Favorite Saved


Is There a Golden Ratio?

The Discovery Channel recently presented a BBC series of four programs called "The Human Face". In it, beauty and human attractiveness were related to the Golden Ratio, which for centuries has been thought by many to represent perfect harmony, or the most attractive proportion in almost all things. Some have called it the Divine Proportion.

This ratio may have been discovered by the Greek mathematicians Pythagoras and Euclid. For a long time it was considered a standard for musical composition. Mozart was an adherent. In architecture, Greek and Roman buildings including the Acropolis and the Pantheon apparently were designed to the Golden Ratio. In modern times, Le Corbusier used it in architectural design. In art, Da Vinci and Durer applied the ratio to the human face and form, and both made diagrams illustrat­ing the concept (see the cover of this issue). Da Vinci is said to have applied the ratio to his paintings--including the Mona Lisa, where not only the face, but also the rest of the body, may have been formed according to a gold­en rectangle. These are but a few applications of the Golden Ratio to patterns of harmony and beauty. Exam­ples abound in nature, for both plants and animals.

Dentists and orthodontists have used an instrument called the Golden Divider to identify golden relationships in the human face and teeth. The instrument expands, pantograph style, maintaining a Golden Ratio between its two interlocking calipers. Dr. Robert Ricketts, in a JCO article on the Golden Divider1, demonstrated some of the golden relationships in the face, teeth, and skull that may contribute to the beauty of the human face. In the tele­vision series, a more sophisticated mathematical and geo­metric representation of the human face was shown, based on the work of Dr. Stephen R. Marquardt, Chief of Research in Facial Imaging at UCLA.

The Golden Ratio is usually expressed as 1:1.618, which is actually an abbreviation of what is called an irra­tional or infinite number--1.6180339887498948482 . . . Since this is a mathematical construct, one won­ders if 1:1.6 would not make an adequate mea­surement, especially considering the relative crudeness of the Golden Divider. One also won­ders why we need to identify a Golden Face at all, although there is some basis for the position that the more golden relationships a face has, the more attractive it is. The Golden Ratio could be taken into consideration in plastic surgery or in making adjustments in the size and shape of teeth, but concepts of facial beauty have varied among races and over the course of time. In the 1920s, the "movie star" face had a small, thin-­lipped mouth. The preferred face among leading models today appears to have a short upper lip and a pouty mouth with protruding lips and teeth. An orthodontist would probably be unhappy with such a result.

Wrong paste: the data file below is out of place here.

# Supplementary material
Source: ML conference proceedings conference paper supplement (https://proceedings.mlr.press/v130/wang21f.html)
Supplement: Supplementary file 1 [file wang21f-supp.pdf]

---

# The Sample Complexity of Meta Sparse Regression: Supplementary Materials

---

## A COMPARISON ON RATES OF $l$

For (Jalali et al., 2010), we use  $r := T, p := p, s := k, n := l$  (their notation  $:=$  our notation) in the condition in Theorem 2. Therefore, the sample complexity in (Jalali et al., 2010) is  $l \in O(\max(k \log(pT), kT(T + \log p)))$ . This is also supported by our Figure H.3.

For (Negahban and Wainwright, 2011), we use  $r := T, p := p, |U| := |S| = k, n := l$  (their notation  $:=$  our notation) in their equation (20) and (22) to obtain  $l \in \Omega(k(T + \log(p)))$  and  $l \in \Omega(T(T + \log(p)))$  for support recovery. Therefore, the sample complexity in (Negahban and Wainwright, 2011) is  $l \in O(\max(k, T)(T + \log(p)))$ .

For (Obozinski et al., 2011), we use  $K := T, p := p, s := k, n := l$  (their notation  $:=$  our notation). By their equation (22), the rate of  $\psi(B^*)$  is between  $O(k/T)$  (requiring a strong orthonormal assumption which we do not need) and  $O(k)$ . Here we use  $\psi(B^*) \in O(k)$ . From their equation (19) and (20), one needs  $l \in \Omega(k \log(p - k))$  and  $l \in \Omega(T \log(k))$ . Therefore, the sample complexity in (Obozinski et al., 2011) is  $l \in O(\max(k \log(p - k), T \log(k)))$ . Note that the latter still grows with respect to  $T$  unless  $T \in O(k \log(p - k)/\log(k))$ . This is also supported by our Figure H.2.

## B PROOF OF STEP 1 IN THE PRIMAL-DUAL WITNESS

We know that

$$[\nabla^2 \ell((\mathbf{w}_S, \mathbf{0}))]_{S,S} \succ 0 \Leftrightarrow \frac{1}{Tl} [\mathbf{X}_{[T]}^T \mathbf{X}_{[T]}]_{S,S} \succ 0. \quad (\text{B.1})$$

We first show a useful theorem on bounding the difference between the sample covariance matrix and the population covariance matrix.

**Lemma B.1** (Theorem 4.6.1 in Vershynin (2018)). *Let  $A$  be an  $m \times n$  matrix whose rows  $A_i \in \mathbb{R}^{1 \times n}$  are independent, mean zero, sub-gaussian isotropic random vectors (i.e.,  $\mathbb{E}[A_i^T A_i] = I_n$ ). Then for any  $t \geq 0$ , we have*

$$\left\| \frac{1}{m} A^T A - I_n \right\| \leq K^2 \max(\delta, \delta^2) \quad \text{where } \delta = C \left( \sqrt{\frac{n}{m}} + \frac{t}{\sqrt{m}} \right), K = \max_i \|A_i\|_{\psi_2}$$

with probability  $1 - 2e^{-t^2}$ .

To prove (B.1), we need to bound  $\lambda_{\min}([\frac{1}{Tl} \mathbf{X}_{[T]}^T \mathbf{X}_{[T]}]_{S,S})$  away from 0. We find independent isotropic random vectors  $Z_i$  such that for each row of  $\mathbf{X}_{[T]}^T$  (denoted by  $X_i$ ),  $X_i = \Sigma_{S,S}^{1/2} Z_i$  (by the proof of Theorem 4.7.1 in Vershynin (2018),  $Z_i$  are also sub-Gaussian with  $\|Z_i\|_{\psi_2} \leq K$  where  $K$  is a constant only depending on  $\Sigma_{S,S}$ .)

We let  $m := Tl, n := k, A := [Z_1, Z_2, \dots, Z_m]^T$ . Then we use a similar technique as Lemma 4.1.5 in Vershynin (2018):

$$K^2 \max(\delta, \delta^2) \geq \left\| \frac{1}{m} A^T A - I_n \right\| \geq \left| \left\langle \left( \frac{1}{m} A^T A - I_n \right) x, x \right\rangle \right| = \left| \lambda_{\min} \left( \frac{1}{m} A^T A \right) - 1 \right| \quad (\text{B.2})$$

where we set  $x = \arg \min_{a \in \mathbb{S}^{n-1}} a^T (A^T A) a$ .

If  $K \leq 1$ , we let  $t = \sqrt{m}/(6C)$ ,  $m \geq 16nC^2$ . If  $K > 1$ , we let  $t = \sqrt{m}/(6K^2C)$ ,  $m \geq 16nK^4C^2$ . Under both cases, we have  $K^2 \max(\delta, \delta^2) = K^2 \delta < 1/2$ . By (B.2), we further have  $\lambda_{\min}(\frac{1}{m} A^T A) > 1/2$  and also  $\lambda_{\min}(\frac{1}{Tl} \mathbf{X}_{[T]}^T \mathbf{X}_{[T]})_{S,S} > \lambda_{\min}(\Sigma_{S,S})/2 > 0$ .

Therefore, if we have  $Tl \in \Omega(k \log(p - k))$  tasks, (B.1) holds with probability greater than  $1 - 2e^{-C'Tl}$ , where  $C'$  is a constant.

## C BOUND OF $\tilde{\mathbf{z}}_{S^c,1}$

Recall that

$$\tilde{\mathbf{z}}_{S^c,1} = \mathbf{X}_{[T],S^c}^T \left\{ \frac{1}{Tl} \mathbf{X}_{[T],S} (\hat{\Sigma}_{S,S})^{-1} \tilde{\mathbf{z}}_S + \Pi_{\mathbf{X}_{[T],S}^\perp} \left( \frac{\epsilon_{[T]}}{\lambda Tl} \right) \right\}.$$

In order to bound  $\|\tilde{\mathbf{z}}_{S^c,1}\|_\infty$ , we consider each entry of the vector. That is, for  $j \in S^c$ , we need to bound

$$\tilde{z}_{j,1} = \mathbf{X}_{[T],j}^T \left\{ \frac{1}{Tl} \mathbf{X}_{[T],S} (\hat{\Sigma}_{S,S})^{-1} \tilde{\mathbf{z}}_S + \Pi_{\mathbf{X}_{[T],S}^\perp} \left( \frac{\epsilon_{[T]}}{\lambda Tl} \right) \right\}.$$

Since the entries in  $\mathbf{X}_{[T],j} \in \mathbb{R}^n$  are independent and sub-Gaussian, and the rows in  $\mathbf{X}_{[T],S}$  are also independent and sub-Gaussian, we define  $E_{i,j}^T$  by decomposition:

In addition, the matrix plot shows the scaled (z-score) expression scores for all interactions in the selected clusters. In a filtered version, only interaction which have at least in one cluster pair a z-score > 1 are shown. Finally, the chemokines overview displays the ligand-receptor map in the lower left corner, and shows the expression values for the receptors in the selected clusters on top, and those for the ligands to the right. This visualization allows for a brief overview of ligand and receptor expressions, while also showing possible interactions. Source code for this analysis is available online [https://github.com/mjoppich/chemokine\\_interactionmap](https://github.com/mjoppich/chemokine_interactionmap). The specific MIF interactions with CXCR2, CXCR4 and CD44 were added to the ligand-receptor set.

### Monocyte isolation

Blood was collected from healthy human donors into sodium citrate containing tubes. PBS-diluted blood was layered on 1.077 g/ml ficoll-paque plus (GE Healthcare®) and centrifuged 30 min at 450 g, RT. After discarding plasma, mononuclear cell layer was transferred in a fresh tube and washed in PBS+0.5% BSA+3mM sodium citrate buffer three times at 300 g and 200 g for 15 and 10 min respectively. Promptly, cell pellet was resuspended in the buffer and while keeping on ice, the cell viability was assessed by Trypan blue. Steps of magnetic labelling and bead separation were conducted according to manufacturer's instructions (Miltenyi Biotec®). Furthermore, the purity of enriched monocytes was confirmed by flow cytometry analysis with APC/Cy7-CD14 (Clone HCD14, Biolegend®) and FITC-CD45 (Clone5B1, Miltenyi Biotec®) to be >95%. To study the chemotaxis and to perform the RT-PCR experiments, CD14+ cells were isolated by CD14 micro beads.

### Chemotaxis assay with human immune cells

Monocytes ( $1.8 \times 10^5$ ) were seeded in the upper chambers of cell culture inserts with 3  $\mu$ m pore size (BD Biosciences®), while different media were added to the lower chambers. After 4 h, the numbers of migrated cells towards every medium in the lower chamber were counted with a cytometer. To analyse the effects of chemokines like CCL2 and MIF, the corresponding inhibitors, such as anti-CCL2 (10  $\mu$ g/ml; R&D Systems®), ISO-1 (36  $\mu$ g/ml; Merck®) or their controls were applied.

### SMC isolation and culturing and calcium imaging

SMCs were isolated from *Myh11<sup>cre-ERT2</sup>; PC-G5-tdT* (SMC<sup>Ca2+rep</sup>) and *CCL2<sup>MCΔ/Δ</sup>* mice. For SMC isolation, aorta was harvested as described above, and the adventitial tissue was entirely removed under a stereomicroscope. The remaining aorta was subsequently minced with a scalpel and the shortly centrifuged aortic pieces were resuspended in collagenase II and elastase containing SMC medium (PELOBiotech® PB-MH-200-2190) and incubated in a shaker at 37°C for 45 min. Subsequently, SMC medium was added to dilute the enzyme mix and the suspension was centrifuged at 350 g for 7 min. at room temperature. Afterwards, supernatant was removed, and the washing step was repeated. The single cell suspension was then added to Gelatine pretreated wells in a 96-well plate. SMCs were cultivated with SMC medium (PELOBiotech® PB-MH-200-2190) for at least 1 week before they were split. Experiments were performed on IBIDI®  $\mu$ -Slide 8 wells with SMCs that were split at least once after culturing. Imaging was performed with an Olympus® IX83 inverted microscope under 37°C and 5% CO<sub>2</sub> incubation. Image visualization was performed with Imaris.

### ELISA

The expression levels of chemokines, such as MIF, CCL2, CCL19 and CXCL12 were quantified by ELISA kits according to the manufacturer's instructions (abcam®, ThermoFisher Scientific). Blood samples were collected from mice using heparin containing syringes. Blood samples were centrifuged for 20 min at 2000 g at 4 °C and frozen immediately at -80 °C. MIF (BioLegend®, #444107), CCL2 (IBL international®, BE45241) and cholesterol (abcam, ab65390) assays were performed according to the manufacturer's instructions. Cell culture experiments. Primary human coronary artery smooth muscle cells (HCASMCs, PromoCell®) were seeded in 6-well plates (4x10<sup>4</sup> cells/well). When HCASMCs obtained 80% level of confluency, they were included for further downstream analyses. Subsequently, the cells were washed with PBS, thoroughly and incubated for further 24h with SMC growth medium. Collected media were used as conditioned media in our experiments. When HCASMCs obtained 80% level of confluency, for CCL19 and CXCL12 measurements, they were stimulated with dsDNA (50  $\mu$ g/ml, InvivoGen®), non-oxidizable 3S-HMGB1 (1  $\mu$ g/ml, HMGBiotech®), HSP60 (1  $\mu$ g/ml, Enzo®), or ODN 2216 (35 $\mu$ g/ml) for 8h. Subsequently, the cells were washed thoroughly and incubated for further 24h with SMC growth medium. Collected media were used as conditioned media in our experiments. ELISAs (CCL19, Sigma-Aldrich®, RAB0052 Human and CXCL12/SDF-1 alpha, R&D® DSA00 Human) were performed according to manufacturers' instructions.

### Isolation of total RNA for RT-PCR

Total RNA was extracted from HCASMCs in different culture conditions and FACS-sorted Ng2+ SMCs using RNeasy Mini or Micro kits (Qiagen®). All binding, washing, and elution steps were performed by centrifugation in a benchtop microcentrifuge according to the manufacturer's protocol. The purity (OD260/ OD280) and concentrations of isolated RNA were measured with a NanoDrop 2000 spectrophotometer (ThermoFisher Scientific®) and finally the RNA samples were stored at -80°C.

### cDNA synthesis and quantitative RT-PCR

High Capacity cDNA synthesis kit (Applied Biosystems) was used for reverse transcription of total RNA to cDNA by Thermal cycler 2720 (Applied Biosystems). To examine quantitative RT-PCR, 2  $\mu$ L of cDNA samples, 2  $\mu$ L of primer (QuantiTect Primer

Some of the golden relationships observed in nature may be more compelling than subjec­tive conclusions about what constitutes harmony in design. There is not, for example, universal agreement that symmetry creates the most pleas­ing design, and in some cases mere coincidence may apply to an apparent relationship. This may be true of efforts to relate the dimensions of the Egyptian pyramids to the Golden Ratio. Great as that civilization was, it dealt in cubits, not mea­surements carried to three decimal places. That does not rule out the notion that the builders of the pyramids independently chose a design whose harmony was close to the Golden Ratio. Other supposed relationships to the Golden Ratio are even more suspect. A website makes a case for the appearance of the Golden Ratio in the wagers made at thoroughbred and harness race tracks for win and place. This led to the conclu­sion: "We suggest that race wagering markets self-organize towards the Golden Section to opti­mize resource allocation of money." Don't bet on it.

Although many measurements in living things that approach the Golden Ratio seem to make agreeable combinations, it would be exceeding the extent of our present knowledge to ascribe this to a natural plan, or to demand rela­tionships as precise as 1:1.618. Still, with so many fine minds having believed in the Ratio over the past 2,500 years, its relevance cannot be ruled out. As the genetic code becomes better understood, one unexpected finding may be that there is a genetic basis for the Golden Ratio in biology and botany. Wouldn't it be a revelation if beauty were not actually in the eye of the behold­er, but in an inherited Golden Ratio?



  • 1.   Ricketts, R.M.: The Golden Divider, J. Clin. Orthod. 15:752-759, 1981.



My Account

This is currently not available. Please check back later.

Please contact heather@jco-online.com for any changes to your account.